Updated: 3:50 p.m.
Bengals president Mike Brown is for also stiffening standards but hopes the new policy allows clubs more say in discipline.
Brown said Wednesday he won't know any specifics of the revised code until commissioner Roger Goodell briefs owners at the NFL's annual meeting next week in Arizona.
Goodell is scheduled Tuesday to unveil the league's new policy with wide-ranging support from the NFL Players Association, coaches, owners, and rank-and-file players. It's not up for a vote of the owners since Goodell has broad discretionary powers for discipline.
With Henry still waiting to hear from Goodell to rule on his final two of four arrests (reckless driving and allowing minors to drink alcohol in his Northern Kentucky hotel room), the indication Wednesday was that a matter not fully resolved would fall under what is supposed to be a much harsher code for repeat offenders.
No player has been suspended for more than four games under the old personal conduct policy. But with Goodell making conduct the flagship of his new administration, all bets are off on what could be facing Henry against the backdrop of discussions involving suspensions as long as a year for repeat offenders.
But NFL spokesman Greg Aiello said Wednesday each case would be treated specifically.
It's believed Goodell is going to make the call before the April 28-29 NFL Draft.
It's not only Goodell first annual meeting as commissioner, but the desert summit is also noteworthy because Brown ends up on the side of the NFLPA about once every solar eclipse. When it comes to toughening discipline both sides are for it, but they may disagree on how to do it.
Also Wednesday, Brown said he's for a rule change that would have an overtime kickoff from the 35 instead of the 30 so that the team that wins the OT coin toss isn't favored with field position. But he's not for changing the pass interference penalty to one close to the college rule and is for keeping the NFL spot foul rule intact.
He also said the Bengals are in the running for a Thanksgiving Day game "as well as 31 other teams," and he's hoping Paul Brown Stadium gets its first nationally-televised regular-season game since 2005. But he won't know if the club finds out the television schedule at the meetings.
Also on the agenda is revenue-sharing qualifiers, a concept with which Brown disagrees but one the league has adopted. Brown is anxiously waiting for the specific qualifiers to be unveiled next week and if it gets to a vote and passes three quarters of the ownership vote because that will decide if the Bengals receive any revenue sharing and if they do, how much.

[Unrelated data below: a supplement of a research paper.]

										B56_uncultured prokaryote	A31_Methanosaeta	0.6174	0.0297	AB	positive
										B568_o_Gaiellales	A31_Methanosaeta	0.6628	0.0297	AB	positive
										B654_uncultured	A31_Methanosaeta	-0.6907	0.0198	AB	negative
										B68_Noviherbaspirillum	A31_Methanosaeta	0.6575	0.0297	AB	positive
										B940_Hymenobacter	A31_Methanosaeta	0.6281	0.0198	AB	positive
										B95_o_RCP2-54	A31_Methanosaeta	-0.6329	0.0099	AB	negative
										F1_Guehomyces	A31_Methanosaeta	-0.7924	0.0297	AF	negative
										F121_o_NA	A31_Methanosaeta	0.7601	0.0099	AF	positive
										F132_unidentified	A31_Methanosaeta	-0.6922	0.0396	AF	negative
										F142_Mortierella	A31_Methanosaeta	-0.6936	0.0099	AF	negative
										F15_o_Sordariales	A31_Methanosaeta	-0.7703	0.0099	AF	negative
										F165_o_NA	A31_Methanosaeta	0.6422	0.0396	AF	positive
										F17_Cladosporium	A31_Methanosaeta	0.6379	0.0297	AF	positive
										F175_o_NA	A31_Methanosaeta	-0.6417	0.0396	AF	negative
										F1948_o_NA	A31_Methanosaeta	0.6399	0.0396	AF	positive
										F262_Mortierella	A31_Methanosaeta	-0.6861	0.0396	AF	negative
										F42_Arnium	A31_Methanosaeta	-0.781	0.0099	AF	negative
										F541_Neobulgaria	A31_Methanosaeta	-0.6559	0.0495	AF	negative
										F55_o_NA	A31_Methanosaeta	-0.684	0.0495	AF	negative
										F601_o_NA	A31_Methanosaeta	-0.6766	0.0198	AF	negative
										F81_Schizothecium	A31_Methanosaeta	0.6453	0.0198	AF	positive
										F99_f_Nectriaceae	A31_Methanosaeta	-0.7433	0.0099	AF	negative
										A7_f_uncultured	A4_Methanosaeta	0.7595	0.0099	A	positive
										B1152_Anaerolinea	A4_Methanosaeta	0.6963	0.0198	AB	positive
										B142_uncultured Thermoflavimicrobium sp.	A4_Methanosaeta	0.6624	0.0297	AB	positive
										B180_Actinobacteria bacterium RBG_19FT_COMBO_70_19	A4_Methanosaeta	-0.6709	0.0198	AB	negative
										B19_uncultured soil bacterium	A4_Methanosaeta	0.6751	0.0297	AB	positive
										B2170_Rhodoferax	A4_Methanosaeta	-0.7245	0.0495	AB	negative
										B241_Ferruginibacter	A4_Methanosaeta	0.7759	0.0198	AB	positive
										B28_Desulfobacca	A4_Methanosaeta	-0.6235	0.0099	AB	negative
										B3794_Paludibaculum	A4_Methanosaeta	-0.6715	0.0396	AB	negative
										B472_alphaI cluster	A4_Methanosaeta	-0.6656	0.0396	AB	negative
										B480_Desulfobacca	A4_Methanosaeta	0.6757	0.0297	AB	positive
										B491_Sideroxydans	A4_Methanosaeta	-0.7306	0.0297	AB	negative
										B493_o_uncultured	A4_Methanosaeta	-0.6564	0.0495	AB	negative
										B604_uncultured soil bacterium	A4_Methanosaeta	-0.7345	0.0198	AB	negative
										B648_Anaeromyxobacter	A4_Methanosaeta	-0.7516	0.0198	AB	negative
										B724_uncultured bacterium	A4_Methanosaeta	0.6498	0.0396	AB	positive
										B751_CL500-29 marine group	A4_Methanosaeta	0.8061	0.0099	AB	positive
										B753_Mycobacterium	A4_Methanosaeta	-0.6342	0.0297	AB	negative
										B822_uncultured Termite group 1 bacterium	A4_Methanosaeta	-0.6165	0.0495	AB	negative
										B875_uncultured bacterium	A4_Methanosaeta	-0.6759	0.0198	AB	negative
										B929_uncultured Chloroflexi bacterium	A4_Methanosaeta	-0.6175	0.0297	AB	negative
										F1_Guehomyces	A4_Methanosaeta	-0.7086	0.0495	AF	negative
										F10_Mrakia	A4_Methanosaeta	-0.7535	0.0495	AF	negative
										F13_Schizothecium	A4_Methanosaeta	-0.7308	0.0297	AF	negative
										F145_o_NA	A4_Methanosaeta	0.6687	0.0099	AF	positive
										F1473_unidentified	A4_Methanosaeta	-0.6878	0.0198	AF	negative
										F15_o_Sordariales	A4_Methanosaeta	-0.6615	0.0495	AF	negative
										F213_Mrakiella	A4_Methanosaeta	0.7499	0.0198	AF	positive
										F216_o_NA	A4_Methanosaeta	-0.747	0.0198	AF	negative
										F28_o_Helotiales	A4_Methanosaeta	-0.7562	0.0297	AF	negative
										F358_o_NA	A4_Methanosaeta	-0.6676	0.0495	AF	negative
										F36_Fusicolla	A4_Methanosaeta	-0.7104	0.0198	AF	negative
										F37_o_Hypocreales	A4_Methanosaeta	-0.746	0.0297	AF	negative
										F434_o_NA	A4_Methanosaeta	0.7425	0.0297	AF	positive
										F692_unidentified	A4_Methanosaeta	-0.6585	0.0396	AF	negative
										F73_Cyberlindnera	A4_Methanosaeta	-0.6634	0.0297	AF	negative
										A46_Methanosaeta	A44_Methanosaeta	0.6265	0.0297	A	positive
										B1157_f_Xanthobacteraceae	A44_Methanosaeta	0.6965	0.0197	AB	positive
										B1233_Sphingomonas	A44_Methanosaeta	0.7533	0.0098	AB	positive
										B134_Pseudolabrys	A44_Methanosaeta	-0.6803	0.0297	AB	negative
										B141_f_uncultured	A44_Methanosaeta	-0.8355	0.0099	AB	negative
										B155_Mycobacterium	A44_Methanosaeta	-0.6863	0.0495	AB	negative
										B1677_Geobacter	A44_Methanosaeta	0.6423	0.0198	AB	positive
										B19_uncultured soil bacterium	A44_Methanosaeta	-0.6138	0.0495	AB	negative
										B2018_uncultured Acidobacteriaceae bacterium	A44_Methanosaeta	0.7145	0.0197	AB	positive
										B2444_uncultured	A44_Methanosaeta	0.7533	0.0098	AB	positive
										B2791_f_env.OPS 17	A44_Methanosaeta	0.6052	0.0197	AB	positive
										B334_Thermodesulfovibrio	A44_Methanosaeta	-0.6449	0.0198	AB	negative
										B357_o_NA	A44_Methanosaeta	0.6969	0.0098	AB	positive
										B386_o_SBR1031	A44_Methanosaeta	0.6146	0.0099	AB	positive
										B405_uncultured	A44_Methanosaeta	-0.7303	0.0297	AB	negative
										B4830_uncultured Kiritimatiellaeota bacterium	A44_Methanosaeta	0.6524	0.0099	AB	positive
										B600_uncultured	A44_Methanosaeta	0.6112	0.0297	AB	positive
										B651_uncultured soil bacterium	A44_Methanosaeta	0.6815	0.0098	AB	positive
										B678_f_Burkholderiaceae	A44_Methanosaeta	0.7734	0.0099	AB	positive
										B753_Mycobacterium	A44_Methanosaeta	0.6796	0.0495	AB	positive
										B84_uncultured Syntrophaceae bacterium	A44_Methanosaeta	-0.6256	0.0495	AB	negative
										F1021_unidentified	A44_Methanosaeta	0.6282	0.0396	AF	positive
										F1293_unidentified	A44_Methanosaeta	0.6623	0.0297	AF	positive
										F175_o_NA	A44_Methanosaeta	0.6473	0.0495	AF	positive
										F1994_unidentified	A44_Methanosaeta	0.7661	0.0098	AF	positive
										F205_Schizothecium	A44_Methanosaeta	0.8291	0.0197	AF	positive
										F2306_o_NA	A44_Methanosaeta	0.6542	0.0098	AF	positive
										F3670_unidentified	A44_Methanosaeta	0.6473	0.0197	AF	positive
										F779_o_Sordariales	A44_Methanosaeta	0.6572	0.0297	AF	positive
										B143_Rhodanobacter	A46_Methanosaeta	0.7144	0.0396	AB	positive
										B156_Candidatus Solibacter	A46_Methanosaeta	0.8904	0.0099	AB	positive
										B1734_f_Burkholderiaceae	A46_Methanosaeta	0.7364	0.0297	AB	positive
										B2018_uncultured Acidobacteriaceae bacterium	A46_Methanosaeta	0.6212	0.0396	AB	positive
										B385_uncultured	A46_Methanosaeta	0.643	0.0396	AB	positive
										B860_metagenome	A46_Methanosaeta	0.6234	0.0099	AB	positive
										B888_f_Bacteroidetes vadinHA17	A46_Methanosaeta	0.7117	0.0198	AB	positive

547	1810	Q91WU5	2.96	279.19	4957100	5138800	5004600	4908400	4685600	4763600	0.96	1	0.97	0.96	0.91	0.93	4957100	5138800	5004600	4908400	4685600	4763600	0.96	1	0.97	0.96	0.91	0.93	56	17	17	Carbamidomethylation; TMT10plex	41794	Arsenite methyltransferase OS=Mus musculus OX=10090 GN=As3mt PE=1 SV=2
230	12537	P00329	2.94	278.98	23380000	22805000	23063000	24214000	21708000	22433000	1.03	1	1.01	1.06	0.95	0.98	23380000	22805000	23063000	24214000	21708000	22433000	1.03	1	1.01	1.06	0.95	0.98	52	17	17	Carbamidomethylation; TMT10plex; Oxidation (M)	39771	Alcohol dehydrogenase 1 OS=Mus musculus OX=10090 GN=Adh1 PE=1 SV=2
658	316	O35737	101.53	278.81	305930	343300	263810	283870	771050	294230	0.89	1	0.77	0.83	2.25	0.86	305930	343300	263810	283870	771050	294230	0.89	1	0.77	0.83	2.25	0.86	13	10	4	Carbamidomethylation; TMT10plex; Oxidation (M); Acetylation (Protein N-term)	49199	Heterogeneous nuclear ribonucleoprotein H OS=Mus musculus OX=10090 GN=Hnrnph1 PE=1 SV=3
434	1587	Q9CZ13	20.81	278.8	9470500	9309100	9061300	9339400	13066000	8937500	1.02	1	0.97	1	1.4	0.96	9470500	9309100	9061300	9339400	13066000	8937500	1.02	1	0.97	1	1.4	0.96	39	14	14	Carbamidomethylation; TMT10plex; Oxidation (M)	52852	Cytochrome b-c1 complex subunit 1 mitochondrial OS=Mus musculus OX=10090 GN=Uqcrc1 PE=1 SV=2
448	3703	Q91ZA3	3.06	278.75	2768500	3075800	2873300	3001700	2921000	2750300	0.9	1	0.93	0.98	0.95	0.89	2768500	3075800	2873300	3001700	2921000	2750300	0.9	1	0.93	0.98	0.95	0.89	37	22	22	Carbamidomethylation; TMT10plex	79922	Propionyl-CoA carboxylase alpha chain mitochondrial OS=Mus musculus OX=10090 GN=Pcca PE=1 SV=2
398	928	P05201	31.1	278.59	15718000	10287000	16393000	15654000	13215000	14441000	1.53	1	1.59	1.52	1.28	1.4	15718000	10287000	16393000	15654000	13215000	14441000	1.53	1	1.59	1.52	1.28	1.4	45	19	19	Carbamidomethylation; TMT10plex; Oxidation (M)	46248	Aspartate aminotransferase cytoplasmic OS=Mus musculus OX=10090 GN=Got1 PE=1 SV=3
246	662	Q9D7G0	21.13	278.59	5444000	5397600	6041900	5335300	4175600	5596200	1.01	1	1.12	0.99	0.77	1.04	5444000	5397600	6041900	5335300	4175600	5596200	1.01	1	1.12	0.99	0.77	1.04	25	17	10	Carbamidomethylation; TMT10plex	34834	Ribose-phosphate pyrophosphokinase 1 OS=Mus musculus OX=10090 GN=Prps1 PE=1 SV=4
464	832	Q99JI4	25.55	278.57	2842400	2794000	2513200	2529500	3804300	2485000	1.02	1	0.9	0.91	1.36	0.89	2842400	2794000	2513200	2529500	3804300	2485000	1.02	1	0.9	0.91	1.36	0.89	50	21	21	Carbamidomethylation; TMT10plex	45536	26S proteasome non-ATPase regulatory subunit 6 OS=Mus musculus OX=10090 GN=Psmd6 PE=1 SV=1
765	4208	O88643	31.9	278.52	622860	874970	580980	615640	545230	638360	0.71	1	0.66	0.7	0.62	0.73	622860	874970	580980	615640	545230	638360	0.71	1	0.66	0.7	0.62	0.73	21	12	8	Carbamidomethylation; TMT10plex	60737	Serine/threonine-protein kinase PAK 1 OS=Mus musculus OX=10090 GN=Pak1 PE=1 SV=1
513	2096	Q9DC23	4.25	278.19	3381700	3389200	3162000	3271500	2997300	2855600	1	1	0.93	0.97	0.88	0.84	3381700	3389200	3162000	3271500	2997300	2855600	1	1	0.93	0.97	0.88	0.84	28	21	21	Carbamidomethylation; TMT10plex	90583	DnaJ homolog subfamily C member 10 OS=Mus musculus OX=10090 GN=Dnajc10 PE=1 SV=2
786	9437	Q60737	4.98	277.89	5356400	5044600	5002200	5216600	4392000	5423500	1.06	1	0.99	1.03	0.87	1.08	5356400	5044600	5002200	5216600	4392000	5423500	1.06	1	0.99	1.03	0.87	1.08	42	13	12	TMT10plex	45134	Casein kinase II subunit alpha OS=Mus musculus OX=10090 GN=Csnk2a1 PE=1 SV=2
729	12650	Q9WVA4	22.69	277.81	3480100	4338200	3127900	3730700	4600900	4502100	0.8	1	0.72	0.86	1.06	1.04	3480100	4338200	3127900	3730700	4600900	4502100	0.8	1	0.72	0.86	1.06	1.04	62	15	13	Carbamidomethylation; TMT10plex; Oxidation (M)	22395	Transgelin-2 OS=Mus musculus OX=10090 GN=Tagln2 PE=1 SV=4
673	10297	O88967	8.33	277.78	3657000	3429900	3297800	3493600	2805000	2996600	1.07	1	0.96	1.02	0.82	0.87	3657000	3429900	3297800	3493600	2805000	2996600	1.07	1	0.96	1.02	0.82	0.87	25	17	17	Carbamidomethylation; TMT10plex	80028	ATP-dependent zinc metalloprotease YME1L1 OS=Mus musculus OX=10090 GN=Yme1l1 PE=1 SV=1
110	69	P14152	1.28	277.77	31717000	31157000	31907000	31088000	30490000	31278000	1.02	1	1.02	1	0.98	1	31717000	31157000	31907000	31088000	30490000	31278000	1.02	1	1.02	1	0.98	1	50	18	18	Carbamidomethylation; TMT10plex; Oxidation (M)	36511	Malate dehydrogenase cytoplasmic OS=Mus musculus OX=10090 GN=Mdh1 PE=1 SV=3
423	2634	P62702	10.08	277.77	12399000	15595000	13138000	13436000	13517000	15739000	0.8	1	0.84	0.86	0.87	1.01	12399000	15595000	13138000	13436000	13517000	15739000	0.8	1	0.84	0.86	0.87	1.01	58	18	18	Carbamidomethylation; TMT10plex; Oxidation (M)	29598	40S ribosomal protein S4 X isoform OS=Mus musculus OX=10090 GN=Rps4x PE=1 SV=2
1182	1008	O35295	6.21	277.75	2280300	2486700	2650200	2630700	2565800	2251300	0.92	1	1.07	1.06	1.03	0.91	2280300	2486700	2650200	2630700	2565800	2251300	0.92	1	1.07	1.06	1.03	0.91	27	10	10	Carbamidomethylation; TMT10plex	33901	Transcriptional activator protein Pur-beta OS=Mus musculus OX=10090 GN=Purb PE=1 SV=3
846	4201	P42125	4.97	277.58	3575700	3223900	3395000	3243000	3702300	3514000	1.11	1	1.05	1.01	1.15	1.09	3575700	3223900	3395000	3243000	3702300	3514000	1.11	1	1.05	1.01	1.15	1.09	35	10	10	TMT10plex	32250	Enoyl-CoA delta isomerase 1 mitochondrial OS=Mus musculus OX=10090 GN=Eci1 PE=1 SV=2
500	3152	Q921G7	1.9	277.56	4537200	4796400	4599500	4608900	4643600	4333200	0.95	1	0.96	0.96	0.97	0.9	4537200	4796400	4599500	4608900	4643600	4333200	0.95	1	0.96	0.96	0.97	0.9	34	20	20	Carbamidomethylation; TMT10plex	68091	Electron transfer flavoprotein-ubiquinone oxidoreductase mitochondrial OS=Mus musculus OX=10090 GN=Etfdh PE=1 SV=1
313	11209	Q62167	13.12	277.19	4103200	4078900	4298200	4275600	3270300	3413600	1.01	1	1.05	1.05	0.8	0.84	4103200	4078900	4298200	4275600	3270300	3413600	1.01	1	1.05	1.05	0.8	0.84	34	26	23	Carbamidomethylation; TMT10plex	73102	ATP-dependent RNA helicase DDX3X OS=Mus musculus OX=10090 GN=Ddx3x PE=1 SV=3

Just how far the NFLPA plans to go on player conduct remains to be seen when executive director Gene Upshaw puts the players' proposals in front of the owners in Arizona. Upshaw has been floating the idea of year-long suspensions for players with multiple offenses from a constituency sick and tired of the conduct of their peers.
But Upshaw indicated last month after Goodell's conduct seminar in Indianapolis that he would not be for giving full disciplinary powers back to the clubs and Brown says that's what needed.
For instance, Brown favors more immediate and more severe punishments handed out by teams before a player is convicted if the team decides that's the right decision. He believes the current system of league guidelines determining punishment only after a case has been resolved in court doesn't have enough teeth.
"We think teams should have the right to fine and suspend players for misbehavior and we should be able to implement sanctions immediately," Brown said. "If we're aware of illicit behavior, I don't know that we should have to wait for the judicial process to play itself out. Some times our judicial system is slow and some times, in all honesty, not even dead on. Let us handle our own employees because we know them.
"The head coach on a football team who interfaces with them daily and is charged with maintaining the morale and discipline of the whole team ought to have the authority to say to a player, 'You've gone too far. This is the sanction,' " he said.
A club has the right to suspend a player up to four games for conduct detrimental, but everyone is seeking clarification in the wake of a virtual crime spree in which no team is immune.
The Bengals have had nine players charged criminally since the end of the 2005 season. But since their last arrest two months ago, 10 players and coaches on other teams have been charged with a crime.
"What we have been doing hasn't been enough," Brown said.
Goodell said last month that the Bengals have met with NFL official Mike Haynes to expand counseling. It's believed Goodell wants teams with persistent problems to be sanctioned, an idea Brown supports. To a point.
"If the league establishes certain prerequisites and we don't adhere to those, I can understand being sanctioned," he said. "I would have a problem being sanctioned for behavior of players we can't control and we ourselves can't sanction."